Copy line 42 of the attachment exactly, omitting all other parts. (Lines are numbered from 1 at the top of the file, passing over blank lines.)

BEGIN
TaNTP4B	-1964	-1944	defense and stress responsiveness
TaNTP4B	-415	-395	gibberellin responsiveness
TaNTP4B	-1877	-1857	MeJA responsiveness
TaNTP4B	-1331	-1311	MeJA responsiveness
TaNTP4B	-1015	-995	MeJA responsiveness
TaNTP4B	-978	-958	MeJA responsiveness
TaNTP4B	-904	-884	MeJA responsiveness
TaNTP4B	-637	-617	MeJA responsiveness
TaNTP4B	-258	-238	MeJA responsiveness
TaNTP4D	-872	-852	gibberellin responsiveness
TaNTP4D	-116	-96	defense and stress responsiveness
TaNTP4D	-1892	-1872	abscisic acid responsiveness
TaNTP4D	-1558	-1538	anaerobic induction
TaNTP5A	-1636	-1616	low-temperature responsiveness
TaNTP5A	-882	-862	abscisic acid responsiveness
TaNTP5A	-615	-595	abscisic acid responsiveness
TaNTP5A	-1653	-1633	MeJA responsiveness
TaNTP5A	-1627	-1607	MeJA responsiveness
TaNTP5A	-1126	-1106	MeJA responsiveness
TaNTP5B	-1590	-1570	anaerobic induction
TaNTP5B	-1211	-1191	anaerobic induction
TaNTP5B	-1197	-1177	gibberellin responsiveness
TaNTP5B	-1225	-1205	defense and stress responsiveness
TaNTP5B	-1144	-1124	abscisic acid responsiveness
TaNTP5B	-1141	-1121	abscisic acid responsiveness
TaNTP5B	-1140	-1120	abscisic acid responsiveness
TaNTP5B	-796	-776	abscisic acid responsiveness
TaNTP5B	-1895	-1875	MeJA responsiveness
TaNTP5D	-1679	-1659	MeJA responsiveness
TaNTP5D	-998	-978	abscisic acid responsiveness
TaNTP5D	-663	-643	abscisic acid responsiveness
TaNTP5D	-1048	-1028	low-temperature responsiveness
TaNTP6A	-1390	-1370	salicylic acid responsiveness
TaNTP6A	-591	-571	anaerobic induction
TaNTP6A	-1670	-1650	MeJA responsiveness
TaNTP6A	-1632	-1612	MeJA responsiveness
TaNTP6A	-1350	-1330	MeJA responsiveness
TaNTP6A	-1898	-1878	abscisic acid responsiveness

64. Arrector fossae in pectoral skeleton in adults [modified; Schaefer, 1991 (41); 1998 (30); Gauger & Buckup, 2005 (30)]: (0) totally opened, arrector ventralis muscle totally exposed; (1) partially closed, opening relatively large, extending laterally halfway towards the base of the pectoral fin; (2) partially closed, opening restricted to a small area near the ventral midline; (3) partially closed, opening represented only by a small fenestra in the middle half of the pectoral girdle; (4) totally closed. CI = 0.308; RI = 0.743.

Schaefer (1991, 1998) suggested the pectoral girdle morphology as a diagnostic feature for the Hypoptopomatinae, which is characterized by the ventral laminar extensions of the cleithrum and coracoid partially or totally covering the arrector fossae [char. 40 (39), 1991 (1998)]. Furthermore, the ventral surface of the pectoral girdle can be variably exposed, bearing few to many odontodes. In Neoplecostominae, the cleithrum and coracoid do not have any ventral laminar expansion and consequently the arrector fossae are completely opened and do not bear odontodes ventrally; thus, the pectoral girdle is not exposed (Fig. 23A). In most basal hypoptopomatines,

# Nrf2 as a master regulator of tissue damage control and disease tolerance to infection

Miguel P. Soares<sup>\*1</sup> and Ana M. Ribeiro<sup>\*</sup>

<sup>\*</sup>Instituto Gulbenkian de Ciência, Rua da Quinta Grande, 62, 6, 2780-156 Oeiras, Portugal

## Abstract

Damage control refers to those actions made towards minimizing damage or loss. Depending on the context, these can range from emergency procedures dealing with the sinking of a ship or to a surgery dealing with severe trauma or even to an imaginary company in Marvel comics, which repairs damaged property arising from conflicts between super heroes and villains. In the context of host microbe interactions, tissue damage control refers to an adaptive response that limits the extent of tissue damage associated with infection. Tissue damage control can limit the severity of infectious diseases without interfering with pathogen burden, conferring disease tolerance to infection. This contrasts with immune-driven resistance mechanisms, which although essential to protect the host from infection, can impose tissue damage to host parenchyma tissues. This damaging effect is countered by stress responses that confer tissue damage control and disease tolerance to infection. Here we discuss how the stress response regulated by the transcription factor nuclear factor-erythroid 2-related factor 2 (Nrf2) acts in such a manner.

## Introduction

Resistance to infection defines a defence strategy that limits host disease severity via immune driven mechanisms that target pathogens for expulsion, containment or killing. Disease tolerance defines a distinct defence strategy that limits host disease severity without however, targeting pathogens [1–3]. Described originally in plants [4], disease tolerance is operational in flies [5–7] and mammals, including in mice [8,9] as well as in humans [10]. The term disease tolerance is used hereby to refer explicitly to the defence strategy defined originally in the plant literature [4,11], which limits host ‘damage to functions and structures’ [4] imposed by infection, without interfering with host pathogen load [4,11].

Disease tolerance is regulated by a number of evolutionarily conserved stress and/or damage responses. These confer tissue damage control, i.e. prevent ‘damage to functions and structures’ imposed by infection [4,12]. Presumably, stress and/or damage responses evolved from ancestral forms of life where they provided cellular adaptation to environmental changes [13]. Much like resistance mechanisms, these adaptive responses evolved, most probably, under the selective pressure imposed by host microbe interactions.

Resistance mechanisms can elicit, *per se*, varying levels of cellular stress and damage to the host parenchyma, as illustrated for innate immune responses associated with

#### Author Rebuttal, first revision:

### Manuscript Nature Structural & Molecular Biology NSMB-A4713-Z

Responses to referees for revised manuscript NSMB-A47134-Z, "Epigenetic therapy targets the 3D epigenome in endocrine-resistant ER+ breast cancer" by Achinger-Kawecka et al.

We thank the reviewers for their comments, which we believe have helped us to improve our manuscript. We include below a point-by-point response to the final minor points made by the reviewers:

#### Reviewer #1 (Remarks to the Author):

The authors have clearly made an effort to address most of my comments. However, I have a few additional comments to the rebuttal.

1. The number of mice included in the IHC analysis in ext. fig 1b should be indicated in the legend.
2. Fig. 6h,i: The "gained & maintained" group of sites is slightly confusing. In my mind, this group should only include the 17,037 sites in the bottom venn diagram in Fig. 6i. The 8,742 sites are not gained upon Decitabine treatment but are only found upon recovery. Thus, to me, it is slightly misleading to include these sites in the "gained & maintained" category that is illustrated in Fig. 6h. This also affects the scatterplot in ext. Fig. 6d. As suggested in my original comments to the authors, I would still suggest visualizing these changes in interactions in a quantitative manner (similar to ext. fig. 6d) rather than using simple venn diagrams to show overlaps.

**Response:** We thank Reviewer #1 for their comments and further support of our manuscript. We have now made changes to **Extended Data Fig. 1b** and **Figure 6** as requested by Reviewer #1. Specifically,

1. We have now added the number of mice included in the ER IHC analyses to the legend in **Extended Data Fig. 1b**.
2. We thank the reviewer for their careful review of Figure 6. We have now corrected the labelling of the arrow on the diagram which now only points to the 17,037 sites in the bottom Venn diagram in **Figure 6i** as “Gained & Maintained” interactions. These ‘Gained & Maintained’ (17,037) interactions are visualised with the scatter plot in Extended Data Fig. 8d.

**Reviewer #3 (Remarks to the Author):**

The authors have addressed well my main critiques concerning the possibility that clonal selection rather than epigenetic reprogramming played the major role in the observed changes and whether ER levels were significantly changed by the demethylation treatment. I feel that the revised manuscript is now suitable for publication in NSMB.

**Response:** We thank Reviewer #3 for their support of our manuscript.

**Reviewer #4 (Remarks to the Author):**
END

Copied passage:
Miguel P. Soares<sup>\*1</sup> and Ana M. Ribeiro<sup>\*</sup>